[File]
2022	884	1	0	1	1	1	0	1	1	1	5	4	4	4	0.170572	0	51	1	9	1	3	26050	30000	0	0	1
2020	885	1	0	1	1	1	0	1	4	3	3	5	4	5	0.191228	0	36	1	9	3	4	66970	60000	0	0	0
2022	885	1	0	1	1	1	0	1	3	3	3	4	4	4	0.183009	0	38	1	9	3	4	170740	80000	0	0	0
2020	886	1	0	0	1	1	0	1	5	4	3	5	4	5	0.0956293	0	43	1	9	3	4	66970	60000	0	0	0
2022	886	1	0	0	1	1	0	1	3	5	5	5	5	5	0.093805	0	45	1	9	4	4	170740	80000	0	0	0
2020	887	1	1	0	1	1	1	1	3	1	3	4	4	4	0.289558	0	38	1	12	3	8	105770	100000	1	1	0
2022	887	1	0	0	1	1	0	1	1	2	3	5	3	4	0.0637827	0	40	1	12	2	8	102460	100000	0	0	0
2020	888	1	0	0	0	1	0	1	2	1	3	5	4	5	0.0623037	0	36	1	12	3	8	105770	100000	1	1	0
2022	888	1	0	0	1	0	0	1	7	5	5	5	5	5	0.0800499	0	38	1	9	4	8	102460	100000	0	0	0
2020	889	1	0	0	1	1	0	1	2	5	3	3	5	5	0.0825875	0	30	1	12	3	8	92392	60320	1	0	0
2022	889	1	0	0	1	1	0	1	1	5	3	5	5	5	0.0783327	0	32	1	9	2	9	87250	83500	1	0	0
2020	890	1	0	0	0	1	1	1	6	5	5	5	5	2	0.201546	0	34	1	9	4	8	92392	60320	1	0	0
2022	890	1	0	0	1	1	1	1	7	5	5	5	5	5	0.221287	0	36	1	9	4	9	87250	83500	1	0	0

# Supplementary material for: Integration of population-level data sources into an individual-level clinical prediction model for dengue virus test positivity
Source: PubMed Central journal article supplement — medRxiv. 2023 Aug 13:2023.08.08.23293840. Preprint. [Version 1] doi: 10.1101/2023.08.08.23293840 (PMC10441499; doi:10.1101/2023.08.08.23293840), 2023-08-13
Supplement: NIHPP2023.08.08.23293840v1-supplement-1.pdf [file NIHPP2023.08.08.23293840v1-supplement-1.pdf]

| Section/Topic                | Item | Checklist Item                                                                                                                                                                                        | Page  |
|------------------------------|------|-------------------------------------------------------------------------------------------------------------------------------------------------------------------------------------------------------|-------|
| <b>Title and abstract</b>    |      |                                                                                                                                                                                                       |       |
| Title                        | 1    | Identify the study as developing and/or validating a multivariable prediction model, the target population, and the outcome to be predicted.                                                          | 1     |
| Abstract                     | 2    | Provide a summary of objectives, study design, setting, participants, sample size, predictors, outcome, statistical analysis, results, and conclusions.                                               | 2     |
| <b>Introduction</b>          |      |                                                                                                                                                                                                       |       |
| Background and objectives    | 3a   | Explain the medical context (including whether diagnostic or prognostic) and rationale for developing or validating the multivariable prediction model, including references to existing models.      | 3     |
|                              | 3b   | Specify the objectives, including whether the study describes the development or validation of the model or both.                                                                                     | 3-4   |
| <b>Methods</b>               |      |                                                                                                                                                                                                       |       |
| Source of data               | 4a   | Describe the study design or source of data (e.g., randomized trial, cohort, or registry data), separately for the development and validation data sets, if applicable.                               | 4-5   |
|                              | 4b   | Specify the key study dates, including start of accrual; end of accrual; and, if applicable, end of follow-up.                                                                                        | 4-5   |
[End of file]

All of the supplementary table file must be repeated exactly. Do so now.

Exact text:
2022	884	1	0	1	1	1	0	1	1	1	5	4	4	4	0.170572	0	51	1	9	1	3	26050	30000	0	0	1
2020	885	1	0	1	1	1	0	1	4	3	3	5	4	5	0.191228	0	36	1	9	3	4	66970	60000	0	0	0
2022	885	1	0	1	1	1	0	1	3	3	3	4	4	4	0.183009	0	38	1	9	3	4	170740	80000	0	0	0
2020	886	1	0	0	1	1	0	1	5	4	3	5	4	5	0.0956293	0	43	1	9	3	4	66970	60000	0	0	0
2022	886	1	0	0	1	1	0	1	3	5	5	5	5	5	0.093805	0	45	1	9	4	4	170740	80000	0	0	0
2020	887	1	1	0	1	1	1	1	3	1	3	4	4	4	0.289558	0	38	1	12	3	8	105770	100000	1	1	0
2022	887	1	0	0	1	1	0	1	1	2	3	5	3	4	0.0637827	0	40	1	12	2	8	102460	100000	0	0	0
2020	888	1	0	0	0	1	0	1	2	1	3	5	4	5	0.0623037	0	36	1	12	3	8	105770	100000	1	1	0
2022	888	1	0	0	1	0	0	1	7	5	5	5	5	5	0.0800499	0	38	1	9	4	8	102460	100000	0	0	0
2020	889	1	0	0	1	1	0	1	2	5	3	3	5	5	0.0825875	0	30	1	12	3	8	92392	60320	1	0	0
2022	889	1	0	0	1	1	0	1	1	5	3	5	5	5	0.0783327	0	32	1	9	2	9	87250	83500	1	0	0
2020	890	1	0	0	0	1	1	1	6	5	5	5	5	2	0.201546	0	34	1	9	4	8	92392	60320	1	0	0
2022	890	1	0	0	1	1	1	1	7	5	5	5	5	5	0.221287	0	36	1	9	4	9	87250	83500	1	0	0

# Supplementary material for: Integration of population-level data sources into an individual-level clinical prediction model for dengue virus test positivity
Source: PubMed Central journal article supplement — medRxiv. 2023 Aug 13:2023.08.08.23293840. Preprint. [Version 1] doi: 10.1101/2023.08.08.23293840 (PMC10441499; doi:10.1101/2023.08.08.23293840), 2023-08-13
Supplement: NIHPP2023.08.08.23293840v1-supplement-1.pdf [file NIHPP2023.08.08.23293840v1-supplement-1.pdf]

| Section/Topic                | Item | Checklist Item                                                                                                                                                                                        | Page  |
|------------------------------|------|-------------------------------------------------------------------------------------------------------------------------------------------------------------------------------------------------------|-------|
| <b>Title and abstract</b>    |      |                                                                                                                                                                                                       |       |
| Title                        | 1    | Identify the study as developing and/or validating a multivariable prediction model, the target population, and the outcome to be predicted.                                                          | 1     |
| Abstract                     | 2    | Provide a summary of objectives, study design, setting, participants, sample size, predictors, outcome, statistical analysis, results, and conclusions.                                               | 2     |
| <b>Introduction</b>          |      |                                                                                                                                                                                                       |       |
| Background and objectives    | 3a   | Explain the medical context (including whether diagnostic or prognostic) and rationale for developing or validating the multivariable prediction model, including references to existing models.      | 3     |
|                              | 3b   | Specify the objectives, including whether the study describes the development or validation of the model or both.                                                                                     | 3-4   |
| <b>Methods</b>               |      |                                                                                                                                                                                                       |       |
| Source of data               | 4a   | Describe the study design or source of data (e.g., randomized trial, cohort, or registry data), separately for the development and validation data sets, if applicable.                               | 4-5   |
|                              | 4b   | Specify the key study dates, including start of accrual; end of accrual; and, if applicable, end of follow-up.                                                                                        | 4-5   |